scorecard3 reasons it's 'too soon' to cut off expanded unemployment, according to Brookings
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3 reasons it's 'too soon' to cut off expanded unemployment, according to Brookings

Ben Winck   

3 reasons it's 'too soon' to cut off expanded unemployment, according to Brookings
PolicyPolicy3 min read
  • It's "too soon" for the US to cut boosted unemployment benefits, the Brookings Institute said Wednesday.
  • The aid is set to lapse for 7.5 million Americans early next month, and Congress is unlikely to extend it.
  • The think tank says letting it expire would widen inequality and slow the recovery without fixing the safety net.

Letting federal unemployment benefits expire in September will do far more harm to the US than good, the Brookings Institute said Wednesday.

Critical support for some 7.5 million unemployed Americans currently hangs in the balance, according to estimates from the left-leaning Century Foundation. A handful of federal programs that boost unemployment insurance are set to expire on September 6, cutting off aid that's been in place since the CARES Act was approved in March 2020.

President Joe Biden has already punted the issue to Congress, and lawmakers are unlikely to renew the programs over the next two weeks. Rep. Alexandria Ocasio-Cortez told Insider's Joseph Zeballos-Roig this week that progressives are "looking into" an extension, but she said it won't happen before Labor Day and the Senate and White House seem reluctant to extend.

Letting it lapse is a mistake, and its consequences will ripple throughout the economy, Annelies Goger, a fellow at Brookings' Metropolitan Policy Program, wrote. It's "too soon" for the federal programs to lapse, and arguments in support of a September expiration are short-sighted, she added.

She laid out three reasons why, in her words, it's just too soon to end it.

1. It just isn't the reason for the labor shortage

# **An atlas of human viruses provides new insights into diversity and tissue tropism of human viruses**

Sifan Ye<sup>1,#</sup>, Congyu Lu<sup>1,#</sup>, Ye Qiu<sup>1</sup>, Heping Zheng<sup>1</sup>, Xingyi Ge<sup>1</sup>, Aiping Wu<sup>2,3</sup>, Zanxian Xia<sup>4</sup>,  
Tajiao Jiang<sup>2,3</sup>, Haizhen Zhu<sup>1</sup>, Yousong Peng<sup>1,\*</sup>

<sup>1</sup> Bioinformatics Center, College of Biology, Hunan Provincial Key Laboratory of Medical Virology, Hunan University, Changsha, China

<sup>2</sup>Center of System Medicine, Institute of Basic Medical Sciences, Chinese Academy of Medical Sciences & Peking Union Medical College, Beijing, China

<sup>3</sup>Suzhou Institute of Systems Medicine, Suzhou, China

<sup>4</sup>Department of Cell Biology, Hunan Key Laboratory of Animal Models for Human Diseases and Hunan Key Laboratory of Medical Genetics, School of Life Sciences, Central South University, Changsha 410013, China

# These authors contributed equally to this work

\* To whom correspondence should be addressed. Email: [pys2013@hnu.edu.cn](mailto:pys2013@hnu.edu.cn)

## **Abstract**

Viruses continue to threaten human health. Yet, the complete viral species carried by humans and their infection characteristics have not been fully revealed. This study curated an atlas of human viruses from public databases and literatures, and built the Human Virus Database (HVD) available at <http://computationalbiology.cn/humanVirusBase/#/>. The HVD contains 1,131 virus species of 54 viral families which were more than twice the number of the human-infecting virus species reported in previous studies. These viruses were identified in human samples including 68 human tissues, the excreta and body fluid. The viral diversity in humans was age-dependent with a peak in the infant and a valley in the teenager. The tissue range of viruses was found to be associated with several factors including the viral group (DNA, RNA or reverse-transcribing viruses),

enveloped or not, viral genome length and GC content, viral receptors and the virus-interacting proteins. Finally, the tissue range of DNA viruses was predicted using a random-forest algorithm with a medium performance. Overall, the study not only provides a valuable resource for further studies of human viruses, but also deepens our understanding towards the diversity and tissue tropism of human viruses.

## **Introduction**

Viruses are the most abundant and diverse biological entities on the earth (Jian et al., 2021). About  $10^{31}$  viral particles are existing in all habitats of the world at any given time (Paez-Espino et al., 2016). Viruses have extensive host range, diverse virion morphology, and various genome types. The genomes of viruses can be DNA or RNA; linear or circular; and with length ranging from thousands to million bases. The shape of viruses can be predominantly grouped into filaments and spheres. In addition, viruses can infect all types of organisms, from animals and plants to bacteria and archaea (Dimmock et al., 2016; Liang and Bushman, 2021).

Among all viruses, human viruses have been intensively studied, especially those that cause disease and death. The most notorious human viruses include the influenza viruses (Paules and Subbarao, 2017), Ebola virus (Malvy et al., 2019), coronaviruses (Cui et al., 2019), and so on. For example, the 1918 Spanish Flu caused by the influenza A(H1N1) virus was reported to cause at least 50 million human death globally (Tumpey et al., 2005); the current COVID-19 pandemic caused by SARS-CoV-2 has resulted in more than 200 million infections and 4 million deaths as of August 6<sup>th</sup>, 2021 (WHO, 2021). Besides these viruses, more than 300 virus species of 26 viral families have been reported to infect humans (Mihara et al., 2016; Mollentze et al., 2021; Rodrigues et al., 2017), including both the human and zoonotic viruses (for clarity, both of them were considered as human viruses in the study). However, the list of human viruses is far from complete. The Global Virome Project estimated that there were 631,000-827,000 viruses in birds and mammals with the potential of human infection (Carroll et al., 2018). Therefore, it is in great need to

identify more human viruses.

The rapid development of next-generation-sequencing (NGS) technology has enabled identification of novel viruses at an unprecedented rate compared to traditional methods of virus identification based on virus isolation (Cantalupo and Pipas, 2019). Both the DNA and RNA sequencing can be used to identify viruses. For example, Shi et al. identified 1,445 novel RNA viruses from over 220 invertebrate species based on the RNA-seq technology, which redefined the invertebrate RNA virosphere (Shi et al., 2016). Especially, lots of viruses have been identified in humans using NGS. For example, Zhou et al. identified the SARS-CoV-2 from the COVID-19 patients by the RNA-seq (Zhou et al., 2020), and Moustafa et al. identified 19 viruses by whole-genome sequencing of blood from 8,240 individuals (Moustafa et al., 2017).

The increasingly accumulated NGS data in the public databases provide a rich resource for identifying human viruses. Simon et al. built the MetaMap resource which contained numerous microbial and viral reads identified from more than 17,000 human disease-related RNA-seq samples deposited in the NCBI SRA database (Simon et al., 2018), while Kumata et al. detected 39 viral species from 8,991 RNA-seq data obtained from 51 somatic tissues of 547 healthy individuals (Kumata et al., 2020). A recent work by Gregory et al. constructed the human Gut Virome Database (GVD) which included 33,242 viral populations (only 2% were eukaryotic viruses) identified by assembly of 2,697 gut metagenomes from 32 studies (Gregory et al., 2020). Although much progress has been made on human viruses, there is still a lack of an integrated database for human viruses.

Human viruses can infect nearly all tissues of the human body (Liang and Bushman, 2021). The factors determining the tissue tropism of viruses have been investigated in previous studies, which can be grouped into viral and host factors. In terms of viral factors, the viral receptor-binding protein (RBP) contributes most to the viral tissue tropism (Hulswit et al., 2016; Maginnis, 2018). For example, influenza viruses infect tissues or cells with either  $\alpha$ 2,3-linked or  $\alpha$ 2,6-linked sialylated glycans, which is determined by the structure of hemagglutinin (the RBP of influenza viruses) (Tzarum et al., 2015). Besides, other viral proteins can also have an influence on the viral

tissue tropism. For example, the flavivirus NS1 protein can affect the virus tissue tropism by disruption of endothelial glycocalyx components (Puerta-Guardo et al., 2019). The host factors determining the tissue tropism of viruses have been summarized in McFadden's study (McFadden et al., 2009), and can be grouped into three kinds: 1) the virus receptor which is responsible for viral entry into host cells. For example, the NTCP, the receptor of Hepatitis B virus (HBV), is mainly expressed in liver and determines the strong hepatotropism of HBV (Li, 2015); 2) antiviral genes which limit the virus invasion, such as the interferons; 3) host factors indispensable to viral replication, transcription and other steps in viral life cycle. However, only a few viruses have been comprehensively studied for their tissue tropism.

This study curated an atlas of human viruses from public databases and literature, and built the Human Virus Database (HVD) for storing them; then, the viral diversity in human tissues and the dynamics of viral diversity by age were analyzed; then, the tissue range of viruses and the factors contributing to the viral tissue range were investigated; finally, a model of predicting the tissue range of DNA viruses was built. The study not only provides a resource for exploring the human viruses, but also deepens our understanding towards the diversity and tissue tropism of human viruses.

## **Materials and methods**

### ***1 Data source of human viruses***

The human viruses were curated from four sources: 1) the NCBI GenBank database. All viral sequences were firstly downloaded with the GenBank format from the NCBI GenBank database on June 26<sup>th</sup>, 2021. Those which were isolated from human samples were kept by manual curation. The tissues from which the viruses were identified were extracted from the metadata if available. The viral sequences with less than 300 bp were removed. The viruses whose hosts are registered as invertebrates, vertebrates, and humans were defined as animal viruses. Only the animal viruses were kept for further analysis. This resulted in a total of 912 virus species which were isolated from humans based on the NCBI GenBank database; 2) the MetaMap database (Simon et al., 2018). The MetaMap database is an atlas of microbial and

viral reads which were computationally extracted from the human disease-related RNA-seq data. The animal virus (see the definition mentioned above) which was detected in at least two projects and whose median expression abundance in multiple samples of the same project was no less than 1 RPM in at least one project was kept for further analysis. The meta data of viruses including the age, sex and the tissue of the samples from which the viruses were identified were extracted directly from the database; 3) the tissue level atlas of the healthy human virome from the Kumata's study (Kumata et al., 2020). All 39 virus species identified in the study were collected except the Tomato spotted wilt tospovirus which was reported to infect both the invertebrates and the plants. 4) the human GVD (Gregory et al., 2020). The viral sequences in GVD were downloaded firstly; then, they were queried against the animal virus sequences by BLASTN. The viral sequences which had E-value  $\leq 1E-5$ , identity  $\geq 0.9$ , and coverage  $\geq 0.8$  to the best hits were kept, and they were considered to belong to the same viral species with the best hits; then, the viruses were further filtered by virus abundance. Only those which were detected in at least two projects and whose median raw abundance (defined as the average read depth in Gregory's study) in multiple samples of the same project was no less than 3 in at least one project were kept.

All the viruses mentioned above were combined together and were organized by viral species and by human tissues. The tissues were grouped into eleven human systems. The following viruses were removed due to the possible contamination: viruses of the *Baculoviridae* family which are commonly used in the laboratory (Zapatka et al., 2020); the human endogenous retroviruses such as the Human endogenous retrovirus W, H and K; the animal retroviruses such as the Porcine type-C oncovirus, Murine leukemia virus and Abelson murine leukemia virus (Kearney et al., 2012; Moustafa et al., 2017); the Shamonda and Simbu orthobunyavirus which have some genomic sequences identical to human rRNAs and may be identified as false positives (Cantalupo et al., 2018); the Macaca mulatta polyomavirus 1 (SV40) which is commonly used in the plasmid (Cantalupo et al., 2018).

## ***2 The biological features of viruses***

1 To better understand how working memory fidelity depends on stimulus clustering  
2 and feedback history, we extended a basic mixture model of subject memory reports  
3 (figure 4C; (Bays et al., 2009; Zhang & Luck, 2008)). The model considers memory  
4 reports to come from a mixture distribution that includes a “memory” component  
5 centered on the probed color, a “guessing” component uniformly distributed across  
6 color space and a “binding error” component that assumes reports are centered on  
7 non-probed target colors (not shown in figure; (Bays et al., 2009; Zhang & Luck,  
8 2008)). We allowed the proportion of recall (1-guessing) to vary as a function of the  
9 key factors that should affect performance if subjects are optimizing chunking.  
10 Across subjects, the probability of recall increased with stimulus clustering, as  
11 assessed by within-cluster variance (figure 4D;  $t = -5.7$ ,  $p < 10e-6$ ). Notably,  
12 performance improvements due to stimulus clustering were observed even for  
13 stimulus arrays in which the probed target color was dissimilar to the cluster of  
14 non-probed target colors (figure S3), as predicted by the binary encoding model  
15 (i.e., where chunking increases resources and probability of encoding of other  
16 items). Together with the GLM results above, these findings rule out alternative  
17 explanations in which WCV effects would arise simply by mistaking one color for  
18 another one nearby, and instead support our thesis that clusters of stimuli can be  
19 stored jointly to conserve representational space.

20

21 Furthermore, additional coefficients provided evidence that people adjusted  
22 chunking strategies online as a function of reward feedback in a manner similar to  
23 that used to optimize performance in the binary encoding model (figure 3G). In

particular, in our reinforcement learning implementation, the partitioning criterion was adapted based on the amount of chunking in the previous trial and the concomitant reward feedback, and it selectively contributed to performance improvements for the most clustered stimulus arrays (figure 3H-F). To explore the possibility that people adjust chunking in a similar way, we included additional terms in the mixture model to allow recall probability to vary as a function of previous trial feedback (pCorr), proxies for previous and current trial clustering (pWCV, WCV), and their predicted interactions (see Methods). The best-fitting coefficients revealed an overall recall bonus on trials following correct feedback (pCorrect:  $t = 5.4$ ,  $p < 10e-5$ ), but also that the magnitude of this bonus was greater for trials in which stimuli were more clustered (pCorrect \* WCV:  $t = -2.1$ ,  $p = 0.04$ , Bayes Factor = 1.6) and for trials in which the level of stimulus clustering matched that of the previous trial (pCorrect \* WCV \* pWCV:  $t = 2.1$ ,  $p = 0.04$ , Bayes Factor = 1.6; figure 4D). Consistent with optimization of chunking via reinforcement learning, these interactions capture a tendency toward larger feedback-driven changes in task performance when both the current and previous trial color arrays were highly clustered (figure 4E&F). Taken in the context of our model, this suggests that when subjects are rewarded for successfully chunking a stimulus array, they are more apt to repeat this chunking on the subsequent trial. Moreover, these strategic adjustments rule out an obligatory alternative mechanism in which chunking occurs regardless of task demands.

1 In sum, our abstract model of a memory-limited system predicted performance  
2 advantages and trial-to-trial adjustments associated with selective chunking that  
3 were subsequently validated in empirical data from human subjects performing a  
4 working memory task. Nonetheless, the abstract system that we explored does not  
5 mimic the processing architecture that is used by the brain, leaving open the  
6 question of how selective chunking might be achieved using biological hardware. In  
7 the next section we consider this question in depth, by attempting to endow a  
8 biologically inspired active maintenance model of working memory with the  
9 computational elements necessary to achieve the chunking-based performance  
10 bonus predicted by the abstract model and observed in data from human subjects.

Geiger dismissed the criticism that the UI boost exacerbated the nationwide labor shortage.

There is simply "little evidence that higher pandemic UI benefits have been a major source of employers' problems in finding workers, or that those difficulties are widespread," she wrote. Likewise, she said little evidence supports the argument that cutting it early increased employment.

Conservative lawmakers have railed against the aid for months, saying it disincentivized Americans from taking jobs and fueled lackluster hiring in the spring. The argument also led 26 states - all but one led by Republican governors - to prematurely cut the federal supplement.

The move was marketed as a way to push Americans into the workforce, but recent data suggests it had negative effects. Researchers found the cutoff led to a 20% drop in individuals' spending, and total spending dropped by $2 billion in states ending the benefit early. At the same time, just 4.4% more workers in early-out states had jobs compared to peers in states keeping the boost intact.

2. The safety net isn't fixed yet

Letting the benefit expire in September would also leave several problems with the UI program unfixed, according to Goger. Each state runs its own UI system, leaving the safety net "riddled with inequities, cumbersome processes, and outdated technologies."

For one, several kinds of workers were left out from traditional UI. Domestic and agricultural workers weren't able to benefit, and gig workers have only been included as a pandemic-era exception. The programs also exclude people who just started paid employment, reduced their work hours, or faced disruptions that cut into their ability to work, Goger said.

Differences between states' programs also harm workers, hurting racial minorities and the long-term unemployed the most. The country's poorest are frequently trapped in joblessness without adequate support, Goger said.

Reverting to pre-pandemic UI systems next month would doom the programs to suffer the same problems they've had for decades, Goger said, while replacing the state programs with a single federal system could allow for more equitable and efficient unemployment insurance.

(3) It will make inequality worse and hurt the economy

Doing nothing on UI would also worsen inequities throughout the economy, she added.

The benefit helped some of the hardest-hit Americans stay afloat, but most are still far from fully recovered. The labor shortage suggests swaths of workers are changing careers, and removing the UI safety net amid that shakeup could throw millions into economic disarray. Keeping the program intact would ensure those transitions can safely take place, especially when the Delta wave is slowing the pace of recovery, Goger said.

She wrote that the "broader ecosystems of safety net programs, services, data, and prevention strategies are critical infrastructure for a well-functioning, more inclusive economy," and that ought to be the point of unemployment insurance. The job is unfinished.